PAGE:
Last Wednesday night I went to the Miller Free Enterprise Center on the Sandy Campus of Salt Lake City Community College to help set up for UTOSC 2009 – this year’s Utah Open Source Conference.  My first marching orders from a seasoned network admin were to cut and crimp some cables for the exhibitor booths/tables.  Turns out there is a best way to tape cords and cables to the floor, and it involves a specific kind of tape that techs who accompany concert tours and assemble movie sets use: it’s called gaffer’s tape.  Gaffer’s tape tears like cloth tape, but is much stronger, and unlike duct tape, leaves no adhesive residue behind when removed.  After false starts at Home Depot & Graybar, I purchased a 60yd roll for $20(after taxes) at the local Guitar Center.  Usually it comes in matte black as to not reflect any light, but the roll I purchased was white for high visibility(cords are a trip hazard, even when taped down).  Cheap imitations of gaffer’s tape exitst, but if you paid less than $15 a roll it was likely not the kind of tape a gaffer on a film crew would use.  Graybar sold me something similar called Electrician’s Bundling Tape, but it didn’t tear nearly as well, and cost around $7 per roll.

Mounting tape was another adhesive used in conference setup.  I needed to tape an additional Cisco wireless access point(conference attendees were saturating the wireless spectrum with their array of RF devices – I think we added 4 APs to the venue) to a glass window, and this mounting tape worked so well I wonder how somebody managed to remove the equipment afterward.  A $500 radio within arm’s reach might be in danger of being stolen, and any safeguard preventing a casual thief from walking away with this hardware seemed a judicious choice.

Next year I want to be able to attend more presentations, so in the future think I’ll limit my volunteer efforts to the night before the event.  Presenters were very technically oriented, and the raw knowledge disseminated more than made up for an occasional lack of salesman-like polish in delivery.  As a geek I appreciate more substance and passion than hollow style.  When a fellow geek noticed I was running Windows 7 on my laptop and quipped regarding the same, a guy I didn’t know across the table from me shot back, “Open Source is more than Linux”.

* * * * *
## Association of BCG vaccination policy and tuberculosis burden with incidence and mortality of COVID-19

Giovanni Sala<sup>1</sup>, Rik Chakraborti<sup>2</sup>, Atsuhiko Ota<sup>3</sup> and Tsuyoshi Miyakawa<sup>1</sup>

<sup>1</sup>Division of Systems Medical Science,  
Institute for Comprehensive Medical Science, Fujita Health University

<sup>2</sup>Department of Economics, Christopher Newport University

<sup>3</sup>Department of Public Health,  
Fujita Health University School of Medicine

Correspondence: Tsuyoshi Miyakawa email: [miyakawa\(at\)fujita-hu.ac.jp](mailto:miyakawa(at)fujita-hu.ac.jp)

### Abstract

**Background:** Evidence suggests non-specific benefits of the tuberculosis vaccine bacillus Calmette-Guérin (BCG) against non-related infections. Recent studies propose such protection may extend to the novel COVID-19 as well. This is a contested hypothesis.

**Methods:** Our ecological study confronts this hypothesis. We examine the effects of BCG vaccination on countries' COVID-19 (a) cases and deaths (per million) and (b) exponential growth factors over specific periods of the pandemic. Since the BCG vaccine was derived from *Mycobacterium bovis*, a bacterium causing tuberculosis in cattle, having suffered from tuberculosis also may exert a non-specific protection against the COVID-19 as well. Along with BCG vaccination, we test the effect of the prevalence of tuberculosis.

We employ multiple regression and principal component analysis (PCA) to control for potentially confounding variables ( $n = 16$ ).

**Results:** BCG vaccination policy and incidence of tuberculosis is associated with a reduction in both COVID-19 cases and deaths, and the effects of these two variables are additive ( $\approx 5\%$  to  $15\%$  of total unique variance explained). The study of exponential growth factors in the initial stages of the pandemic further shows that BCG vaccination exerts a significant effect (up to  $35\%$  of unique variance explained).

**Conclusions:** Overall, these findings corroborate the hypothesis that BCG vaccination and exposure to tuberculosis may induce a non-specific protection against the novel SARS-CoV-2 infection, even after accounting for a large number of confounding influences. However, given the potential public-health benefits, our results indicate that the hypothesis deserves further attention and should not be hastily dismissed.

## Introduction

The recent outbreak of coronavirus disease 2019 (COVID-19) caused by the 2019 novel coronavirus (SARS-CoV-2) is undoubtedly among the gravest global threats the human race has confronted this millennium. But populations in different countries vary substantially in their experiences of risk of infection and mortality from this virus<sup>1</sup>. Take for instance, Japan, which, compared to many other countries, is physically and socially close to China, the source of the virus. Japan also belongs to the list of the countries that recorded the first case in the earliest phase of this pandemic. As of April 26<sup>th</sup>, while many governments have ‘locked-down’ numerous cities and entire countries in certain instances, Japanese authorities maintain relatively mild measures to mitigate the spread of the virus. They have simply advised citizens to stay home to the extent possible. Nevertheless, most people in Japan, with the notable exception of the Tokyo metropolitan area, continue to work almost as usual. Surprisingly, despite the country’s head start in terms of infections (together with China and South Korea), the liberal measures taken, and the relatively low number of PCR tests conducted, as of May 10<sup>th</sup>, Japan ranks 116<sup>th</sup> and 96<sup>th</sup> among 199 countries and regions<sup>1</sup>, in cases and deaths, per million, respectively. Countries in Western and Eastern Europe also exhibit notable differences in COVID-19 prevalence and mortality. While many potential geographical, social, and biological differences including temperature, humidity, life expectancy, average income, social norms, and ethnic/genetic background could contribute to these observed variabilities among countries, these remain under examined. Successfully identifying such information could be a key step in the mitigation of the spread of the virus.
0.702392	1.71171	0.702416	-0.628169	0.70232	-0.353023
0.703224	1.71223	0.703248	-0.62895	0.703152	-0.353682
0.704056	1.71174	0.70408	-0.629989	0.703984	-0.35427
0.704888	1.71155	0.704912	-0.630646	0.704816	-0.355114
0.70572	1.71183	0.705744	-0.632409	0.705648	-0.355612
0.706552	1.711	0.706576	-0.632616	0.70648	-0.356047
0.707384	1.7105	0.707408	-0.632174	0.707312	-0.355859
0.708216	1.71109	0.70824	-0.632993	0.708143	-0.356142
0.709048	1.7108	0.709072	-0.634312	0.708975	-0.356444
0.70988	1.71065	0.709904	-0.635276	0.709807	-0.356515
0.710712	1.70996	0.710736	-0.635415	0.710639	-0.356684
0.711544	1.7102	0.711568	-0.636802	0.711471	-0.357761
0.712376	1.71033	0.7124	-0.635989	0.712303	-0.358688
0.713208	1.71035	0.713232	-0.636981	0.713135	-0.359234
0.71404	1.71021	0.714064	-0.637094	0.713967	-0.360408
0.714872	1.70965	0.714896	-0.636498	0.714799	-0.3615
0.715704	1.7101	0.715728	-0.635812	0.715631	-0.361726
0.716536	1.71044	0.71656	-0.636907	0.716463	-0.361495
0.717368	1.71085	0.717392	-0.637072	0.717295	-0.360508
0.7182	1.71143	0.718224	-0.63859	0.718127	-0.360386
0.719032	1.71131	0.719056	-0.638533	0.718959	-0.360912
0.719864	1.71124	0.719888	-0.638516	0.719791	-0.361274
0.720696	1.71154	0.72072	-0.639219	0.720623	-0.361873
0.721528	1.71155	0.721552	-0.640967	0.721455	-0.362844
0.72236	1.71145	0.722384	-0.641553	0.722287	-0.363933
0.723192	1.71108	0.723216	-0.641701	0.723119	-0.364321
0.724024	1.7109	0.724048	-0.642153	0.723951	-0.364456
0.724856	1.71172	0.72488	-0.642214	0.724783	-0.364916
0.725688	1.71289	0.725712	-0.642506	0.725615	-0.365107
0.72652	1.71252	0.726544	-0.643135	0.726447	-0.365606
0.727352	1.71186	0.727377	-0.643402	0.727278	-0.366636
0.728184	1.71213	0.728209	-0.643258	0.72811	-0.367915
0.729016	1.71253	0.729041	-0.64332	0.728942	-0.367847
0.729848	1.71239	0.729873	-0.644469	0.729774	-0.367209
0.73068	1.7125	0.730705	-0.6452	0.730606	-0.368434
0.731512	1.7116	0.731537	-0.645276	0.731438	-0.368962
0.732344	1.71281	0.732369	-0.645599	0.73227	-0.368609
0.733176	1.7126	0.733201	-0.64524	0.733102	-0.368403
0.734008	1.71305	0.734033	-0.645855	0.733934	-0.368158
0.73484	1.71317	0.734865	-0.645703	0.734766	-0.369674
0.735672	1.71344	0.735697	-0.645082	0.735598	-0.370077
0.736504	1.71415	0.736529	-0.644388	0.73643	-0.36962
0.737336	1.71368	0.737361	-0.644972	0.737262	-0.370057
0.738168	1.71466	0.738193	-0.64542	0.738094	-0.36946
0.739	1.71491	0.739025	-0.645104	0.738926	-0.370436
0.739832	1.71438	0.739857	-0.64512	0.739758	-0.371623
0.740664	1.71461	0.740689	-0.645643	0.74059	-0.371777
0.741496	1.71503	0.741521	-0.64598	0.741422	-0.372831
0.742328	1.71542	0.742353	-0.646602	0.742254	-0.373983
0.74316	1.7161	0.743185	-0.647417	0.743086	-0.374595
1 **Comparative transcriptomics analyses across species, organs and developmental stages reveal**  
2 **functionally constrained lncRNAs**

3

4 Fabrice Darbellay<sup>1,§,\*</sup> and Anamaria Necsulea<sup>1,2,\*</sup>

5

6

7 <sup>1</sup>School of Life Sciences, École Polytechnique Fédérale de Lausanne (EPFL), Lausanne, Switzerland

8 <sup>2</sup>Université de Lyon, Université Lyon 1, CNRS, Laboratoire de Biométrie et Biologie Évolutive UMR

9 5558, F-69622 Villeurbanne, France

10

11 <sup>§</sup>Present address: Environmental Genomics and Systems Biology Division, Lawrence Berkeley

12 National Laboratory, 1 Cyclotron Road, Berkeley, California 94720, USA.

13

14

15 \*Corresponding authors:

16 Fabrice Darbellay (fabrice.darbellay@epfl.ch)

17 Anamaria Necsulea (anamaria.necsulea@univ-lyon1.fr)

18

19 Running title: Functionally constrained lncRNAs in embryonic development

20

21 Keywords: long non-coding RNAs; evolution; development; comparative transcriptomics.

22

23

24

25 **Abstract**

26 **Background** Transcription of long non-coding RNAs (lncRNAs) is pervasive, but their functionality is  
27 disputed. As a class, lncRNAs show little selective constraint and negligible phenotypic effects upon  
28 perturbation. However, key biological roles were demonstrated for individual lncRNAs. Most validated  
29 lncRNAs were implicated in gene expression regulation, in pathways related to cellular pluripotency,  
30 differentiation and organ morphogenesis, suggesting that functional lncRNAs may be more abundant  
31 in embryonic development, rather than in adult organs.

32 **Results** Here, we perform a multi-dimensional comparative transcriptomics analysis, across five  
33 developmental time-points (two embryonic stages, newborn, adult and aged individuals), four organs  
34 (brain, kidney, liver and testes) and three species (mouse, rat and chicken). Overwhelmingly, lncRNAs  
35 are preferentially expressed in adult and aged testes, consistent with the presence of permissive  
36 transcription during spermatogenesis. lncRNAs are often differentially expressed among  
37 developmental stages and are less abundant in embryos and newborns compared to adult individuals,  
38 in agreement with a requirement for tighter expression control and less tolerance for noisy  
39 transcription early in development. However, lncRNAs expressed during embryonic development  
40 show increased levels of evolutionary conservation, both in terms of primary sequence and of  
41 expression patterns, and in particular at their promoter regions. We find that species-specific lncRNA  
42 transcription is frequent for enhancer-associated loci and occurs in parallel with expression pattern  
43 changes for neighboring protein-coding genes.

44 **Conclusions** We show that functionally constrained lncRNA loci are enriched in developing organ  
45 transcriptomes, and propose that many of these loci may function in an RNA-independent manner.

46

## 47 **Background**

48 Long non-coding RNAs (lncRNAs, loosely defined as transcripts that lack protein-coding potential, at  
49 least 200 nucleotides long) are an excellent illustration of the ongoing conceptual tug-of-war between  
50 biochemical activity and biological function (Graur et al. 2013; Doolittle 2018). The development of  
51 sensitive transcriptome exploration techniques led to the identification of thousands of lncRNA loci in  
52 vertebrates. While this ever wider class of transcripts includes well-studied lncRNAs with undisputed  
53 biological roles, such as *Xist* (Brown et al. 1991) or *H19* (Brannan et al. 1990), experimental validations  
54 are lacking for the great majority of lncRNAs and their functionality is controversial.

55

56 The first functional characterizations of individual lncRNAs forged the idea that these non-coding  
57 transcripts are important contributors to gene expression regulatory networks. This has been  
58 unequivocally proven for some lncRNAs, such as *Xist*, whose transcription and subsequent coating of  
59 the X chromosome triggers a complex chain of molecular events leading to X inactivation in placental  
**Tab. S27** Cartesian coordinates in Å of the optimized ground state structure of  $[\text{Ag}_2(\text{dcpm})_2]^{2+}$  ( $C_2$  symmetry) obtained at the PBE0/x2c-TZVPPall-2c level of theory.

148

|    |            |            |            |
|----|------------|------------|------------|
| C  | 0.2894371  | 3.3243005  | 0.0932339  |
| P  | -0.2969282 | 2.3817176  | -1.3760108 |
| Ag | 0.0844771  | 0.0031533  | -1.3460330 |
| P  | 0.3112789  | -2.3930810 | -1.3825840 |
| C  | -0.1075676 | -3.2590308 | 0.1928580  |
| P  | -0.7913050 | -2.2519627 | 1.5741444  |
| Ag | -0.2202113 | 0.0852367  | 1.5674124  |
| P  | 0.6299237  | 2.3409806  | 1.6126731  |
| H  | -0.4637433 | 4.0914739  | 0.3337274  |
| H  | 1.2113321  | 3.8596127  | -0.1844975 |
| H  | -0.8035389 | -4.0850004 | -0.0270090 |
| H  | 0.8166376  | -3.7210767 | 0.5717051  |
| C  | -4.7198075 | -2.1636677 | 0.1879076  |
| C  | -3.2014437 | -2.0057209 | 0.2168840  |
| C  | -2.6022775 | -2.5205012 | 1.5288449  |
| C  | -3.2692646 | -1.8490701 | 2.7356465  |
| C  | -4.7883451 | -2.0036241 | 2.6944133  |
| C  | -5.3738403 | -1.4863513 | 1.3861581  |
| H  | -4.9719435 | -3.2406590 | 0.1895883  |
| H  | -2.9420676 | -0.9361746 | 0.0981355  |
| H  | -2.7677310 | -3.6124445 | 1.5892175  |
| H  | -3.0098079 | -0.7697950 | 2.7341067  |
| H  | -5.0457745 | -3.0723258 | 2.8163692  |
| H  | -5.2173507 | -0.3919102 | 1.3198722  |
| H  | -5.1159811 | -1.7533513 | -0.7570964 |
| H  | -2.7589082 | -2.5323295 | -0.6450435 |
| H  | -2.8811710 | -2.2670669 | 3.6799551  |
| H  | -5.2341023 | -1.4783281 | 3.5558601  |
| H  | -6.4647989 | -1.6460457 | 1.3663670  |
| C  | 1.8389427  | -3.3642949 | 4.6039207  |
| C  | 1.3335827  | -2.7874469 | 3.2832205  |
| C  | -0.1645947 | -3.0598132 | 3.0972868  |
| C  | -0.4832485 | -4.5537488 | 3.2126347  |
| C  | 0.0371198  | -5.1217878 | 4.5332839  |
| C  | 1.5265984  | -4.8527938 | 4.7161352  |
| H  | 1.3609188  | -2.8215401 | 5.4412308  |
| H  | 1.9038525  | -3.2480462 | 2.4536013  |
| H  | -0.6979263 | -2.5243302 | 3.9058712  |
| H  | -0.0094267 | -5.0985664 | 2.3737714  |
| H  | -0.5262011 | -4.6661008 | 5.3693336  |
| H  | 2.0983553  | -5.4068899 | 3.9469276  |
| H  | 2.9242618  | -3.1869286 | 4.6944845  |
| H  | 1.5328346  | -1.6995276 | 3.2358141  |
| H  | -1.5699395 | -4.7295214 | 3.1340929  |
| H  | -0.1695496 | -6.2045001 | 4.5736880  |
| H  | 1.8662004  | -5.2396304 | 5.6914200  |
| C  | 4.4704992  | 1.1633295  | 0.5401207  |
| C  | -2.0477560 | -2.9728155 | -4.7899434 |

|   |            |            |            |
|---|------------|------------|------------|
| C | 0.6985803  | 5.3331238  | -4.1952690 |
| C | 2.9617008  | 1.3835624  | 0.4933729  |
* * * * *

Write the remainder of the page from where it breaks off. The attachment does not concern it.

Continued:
UTOSC speakers had a focus on automation and uptime – the theme of the conference was (afford | scal | reli)ability.  Another attendee remarked at dinner that in his experience, *nix admins tended to focus more on automation of processes than their Windows counterparts.  Or as another presenter, Christer Edwards, put it, “A good admin is a lazy admin.”  I agree.  Next year I’m going to offer to present on automating processes within - you guessed it – Windows.

Monday, October 05, 2009

SanDisk Sansa Clip Survives Washing Machine 1000 RPM Journey in Pant Pocket

I thought my precious 2GB Sansa Clip MP3 player was destroyed when I found it had gone through our Fisher & Paykel washing machine.  I let it dry out for a few days in a bag of uncooked rice.

When I finally powered on the Sansa Clip the screen lit up, but nothing legible was displayed.  It was as if all the pixels were turned on but were very dim.  Then the device powered off.  I thought the display was shot.

2 months later my son convinced me to recharge the device.  I was able to read files from the device, but when I turned it on, the display problem persisted.  Only this time, when all the pixels lit up they were noticeably brighter.  I looked in the Sansa manual to find ways blindly navigate the controls, and found an option to reset the player by holding the switch in the powered off position for 15 seconds, so I tried that instead.

When I again turned on the Clip, the display worked!  The device had survived with no apparent ill effects, other than needing a reset.  I had to take a picture.
Sansa Clip Resurrection 004-cropped

This thing is small and tough, and unlike the Apple ipod firmware, it plays Ogg Vorbis(some of my preferred podcasts are in that format).  Thank you SanDisk engineers!